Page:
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  • Pan ch'inyŏng Wedding Rites, Residential Rules, and the Status of Women in Sixteenth-Century Chosŏn:An Analysis Based on Miam-ilgi, the Diary of Yu Hŭi-ch'un
  • Mee Hae Park

This study focuses on wedding rites, residential rules, and the status of women in the mid-Chosŏn dynasty. Based on Miam-ilgi [inline-graphic xmlns:xlink="" xlink:href="01i" /], a diary of Yu Hŭi-ch'un [inline-graphic xmlns:xlink="" xlink:href="02i" /], a famous sixteenth-century Korean Confucian scholar, the marriage of his grandson Kwang-sŏn [inline-graphic xmlns:xlink="" xlink:href="03i" /] is examined. The nuptial procedure consisted of the discussion of marriage, the sending of presents to the bridal house, and finally the ceremony itself, nominally called pan ch'inyŏng [inline-graphic xmlns:xlink="" xlink:href="04i" /]. In the wedding described in the diary, the bride continued to live in her natal home while the bridegroom alternated between residing at his and his in-laws' home. Despite the fact that it was a departure from the strict patrilocality advocated by Confucian principles, the diary makes it clear that even Yu Hŭi-ch'un retained some characteristics of the traditional customs. The bridegroom's stay with his paternal grandfather implies the significance of socioeconomic factors and the experience necessary to serve as the successor of the Yu family. This article argues that the characteristics of pan ch'inyŏng wedding and variations in the practices thereof is evidence of the flexibility of marriage procedures, residential patterns, and the status of women within a patrilineal society.


Rituals are symbolic expressions of culturally standardized languages and behaviors; therefore, they are important in understanding a given society. Marriage rituals of the Chosŏn dynasty (1392–1910) were not only a private issue concerning two families who wanted to maintain their social status1 but a national matter for which the law regulated the marriageable age and penalized heads of households for having eligible, unwed household members.2 An examination of changes in wedding rituals during the Chosŏn dynasty, specifically pan ch'inyŏng, a reluctant compromise between traditional Korean and imposed Confucian residential patterns, reveals not only a strong concern among the elites who wanted to recast marriage rites in the Chinese style, but also a [End Page 39] deep resistance of traditional culture toward the adoption of Confucianism.3 The literal translation of the term pan ch'inyŏng is half of ch'inyŏng, which is characterized as one of the procedures of Chinese wedding rites. Among the four rites—coming of age ceremony, wedding, mourning, and ancestor worship—weddings were the last and least Confucianized rite.4 Therefore, examining wedding rites in the mid-Chosŏn period will help us to understand the process and limitations of the indoctrination of Confucianism into Korean social customs.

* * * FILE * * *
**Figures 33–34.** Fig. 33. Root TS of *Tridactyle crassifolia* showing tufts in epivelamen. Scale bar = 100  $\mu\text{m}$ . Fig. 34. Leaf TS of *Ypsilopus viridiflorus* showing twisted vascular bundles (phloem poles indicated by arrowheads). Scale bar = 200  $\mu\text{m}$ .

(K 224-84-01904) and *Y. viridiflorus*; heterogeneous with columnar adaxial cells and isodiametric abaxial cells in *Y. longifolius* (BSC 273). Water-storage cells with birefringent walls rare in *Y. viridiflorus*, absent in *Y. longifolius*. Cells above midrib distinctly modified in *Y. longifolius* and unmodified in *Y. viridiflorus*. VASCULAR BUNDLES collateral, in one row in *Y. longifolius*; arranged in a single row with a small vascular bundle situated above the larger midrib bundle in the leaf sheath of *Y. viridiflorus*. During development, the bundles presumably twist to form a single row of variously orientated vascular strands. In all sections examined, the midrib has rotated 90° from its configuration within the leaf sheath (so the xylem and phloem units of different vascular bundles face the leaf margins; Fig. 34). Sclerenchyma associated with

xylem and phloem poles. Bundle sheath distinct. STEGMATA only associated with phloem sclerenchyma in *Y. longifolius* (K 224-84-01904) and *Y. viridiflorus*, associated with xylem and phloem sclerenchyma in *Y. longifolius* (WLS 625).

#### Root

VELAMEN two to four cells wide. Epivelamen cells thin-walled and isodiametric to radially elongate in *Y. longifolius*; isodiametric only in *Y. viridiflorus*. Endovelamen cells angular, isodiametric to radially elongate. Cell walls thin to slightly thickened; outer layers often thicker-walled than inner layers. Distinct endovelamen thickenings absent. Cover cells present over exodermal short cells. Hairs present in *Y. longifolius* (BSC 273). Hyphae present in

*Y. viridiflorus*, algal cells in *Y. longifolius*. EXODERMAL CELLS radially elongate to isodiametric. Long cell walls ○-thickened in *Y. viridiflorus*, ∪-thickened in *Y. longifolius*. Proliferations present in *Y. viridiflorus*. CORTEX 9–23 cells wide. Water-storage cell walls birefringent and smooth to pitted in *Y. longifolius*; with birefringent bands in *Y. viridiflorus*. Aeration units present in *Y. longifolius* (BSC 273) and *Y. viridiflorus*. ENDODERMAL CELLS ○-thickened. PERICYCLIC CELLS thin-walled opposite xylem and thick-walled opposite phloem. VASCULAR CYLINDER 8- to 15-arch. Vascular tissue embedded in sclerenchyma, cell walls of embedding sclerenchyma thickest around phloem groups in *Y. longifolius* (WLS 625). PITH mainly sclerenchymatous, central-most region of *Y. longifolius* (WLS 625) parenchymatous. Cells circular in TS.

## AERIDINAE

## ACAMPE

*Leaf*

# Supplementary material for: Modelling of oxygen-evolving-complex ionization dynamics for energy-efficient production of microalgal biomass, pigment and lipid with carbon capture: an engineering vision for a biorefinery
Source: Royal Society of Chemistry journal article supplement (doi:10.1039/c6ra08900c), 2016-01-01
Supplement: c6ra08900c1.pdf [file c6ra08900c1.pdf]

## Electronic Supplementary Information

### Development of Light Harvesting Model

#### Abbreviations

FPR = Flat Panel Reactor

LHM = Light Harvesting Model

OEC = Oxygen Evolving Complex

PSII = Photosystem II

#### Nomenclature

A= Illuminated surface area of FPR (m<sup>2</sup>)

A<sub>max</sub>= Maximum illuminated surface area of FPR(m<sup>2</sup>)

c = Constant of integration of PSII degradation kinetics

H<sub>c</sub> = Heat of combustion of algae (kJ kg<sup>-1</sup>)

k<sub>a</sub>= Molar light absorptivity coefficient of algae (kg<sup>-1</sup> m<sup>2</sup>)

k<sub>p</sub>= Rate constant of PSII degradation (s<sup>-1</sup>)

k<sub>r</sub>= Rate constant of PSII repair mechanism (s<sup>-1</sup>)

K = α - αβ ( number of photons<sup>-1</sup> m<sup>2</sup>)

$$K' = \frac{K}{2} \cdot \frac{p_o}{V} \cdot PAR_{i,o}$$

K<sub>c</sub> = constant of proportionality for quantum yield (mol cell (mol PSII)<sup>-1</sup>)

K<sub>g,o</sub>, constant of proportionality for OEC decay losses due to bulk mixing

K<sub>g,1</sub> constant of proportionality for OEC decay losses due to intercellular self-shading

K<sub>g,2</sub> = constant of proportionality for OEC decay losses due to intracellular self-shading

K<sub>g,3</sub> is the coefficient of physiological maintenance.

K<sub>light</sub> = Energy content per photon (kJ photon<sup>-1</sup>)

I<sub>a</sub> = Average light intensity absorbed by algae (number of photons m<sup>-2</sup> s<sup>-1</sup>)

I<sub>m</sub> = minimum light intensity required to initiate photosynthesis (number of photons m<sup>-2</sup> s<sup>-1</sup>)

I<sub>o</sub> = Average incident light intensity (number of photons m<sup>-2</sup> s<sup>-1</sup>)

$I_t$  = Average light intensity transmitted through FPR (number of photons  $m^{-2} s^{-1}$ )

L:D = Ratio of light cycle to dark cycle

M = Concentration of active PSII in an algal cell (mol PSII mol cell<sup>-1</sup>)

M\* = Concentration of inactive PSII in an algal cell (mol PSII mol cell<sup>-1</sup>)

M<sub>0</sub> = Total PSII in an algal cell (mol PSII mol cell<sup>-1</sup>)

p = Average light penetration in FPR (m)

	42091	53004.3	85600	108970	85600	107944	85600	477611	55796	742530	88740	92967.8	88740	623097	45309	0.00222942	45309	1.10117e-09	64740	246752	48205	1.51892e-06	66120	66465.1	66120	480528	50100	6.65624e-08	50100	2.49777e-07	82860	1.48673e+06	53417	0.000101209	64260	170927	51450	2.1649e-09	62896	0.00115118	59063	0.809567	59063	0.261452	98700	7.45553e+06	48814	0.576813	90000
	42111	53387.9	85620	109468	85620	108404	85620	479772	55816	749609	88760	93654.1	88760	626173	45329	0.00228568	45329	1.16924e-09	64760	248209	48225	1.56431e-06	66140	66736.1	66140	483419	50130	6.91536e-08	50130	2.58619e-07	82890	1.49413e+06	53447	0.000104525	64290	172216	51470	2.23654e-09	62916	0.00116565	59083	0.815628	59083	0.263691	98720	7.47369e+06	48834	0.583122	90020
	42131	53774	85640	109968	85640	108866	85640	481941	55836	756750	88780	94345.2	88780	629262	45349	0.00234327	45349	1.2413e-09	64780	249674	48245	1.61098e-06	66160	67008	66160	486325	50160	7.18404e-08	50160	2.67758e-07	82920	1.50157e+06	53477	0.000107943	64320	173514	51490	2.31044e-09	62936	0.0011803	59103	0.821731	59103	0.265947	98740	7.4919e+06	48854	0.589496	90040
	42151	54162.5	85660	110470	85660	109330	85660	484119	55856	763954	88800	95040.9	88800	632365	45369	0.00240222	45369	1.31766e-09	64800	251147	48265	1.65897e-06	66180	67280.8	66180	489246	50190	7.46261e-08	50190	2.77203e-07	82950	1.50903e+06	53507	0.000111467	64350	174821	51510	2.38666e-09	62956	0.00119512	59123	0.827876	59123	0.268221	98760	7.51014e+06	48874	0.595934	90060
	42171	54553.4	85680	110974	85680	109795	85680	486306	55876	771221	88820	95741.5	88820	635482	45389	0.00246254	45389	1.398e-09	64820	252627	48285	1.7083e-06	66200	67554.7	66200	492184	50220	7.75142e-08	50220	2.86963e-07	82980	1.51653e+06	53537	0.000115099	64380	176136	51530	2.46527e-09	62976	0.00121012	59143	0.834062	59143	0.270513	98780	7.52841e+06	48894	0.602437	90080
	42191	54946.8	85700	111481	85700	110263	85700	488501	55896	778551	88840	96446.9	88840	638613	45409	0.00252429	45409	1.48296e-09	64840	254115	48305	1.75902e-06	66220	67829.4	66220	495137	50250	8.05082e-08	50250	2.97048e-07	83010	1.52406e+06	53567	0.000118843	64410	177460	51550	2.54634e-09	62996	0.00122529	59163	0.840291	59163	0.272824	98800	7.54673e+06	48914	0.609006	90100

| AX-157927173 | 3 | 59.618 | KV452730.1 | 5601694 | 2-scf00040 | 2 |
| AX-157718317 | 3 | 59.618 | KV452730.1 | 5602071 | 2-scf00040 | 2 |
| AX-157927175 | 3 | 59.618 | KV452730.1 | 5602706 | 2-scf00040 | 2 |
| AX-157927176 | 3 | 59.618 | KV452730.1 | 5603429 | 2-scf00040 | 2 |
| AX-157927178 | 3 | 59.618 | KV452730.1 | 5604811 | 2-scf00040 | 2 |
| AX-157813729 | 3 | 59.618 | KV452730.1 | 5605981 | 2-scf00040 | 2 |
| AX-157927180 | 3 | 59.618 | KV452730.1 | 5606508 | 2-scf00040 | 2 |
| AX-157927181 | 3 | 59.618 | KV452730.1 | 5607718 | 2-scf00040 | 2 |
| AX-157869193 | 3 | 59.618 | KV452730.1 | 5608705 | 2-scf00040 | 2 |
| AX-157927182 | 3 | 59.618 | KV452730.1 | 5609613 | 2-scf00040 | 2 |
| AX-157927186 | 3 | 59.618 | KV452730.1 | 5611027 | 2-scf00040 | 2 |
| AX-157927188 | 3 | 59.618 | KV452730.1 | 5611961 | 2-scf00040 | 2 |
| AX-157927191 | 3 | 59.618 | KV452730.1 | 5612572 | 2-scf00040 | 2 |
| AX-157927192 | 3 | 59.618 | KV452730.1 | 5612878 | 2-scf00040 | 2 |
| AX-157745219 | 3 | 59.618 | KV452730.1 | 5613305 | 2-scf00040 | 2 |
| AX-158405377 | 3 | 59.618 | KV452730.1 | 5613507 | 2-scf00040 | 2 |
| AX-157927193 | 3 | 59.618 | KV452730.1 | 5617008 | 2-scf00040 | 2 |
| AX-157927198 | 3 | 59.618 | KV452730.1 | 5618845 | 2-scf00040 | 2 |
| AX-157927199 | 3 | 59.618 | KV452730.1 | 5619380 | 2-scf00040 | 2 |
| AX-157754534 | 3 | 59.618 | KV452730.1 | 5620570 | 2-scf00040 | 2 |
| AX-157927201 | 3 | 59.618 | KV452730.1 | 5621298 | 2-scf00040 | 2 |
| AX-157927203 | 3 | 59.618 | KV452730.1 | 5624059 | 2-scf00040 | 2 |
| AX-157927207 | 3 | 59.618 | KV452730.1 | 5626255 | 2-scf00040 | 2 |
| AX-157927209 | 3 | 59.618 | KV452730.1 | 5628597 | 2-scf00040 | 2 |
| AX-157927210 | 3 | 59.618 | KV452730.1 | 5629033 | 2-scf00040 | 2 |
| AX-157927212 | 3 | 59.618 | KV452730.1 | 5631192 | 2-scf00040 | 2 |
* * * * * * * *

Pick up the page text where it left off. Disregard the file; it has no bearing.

Ch'inyŏng: Confucian, Chinese Wedding

The ruling elites of the early Chosŏn dynasty pressed ahead to establish Chu Hsi's Chia-li as the social norm, even though they were aware of the persistence of traditional wedding customs and the practical difficulties of ritual innovation.5 Confucian-style wedding procedures outlined in Chia-li were carried out in the following order: marriage proposal (ŭihon), betrothal (napch'ae), which could include the sending of wedding gifts (napp'ye), bridegroom meeting the bride in person and inducting her into his home (ch'inyŏng), presentation of the bride to the parents-in-law (kyŏn'gugoye,), and presentation of the bride in the ancestral temple (myogyŏn).6

In this procedure, ch'inyŏng represented the transfer of the bride's residence from her natal home to the bridegroom's household. The social elite of the early dynasty claimed that the tradition of staying at the bridal house subordinated men to women and therefore needed to be changed to the patrilocal practice of ch'inyŏng, the Confucian wedding style.7 The indigenous Korean wedding customs were opposed by the Confucian model, which advocated that the...


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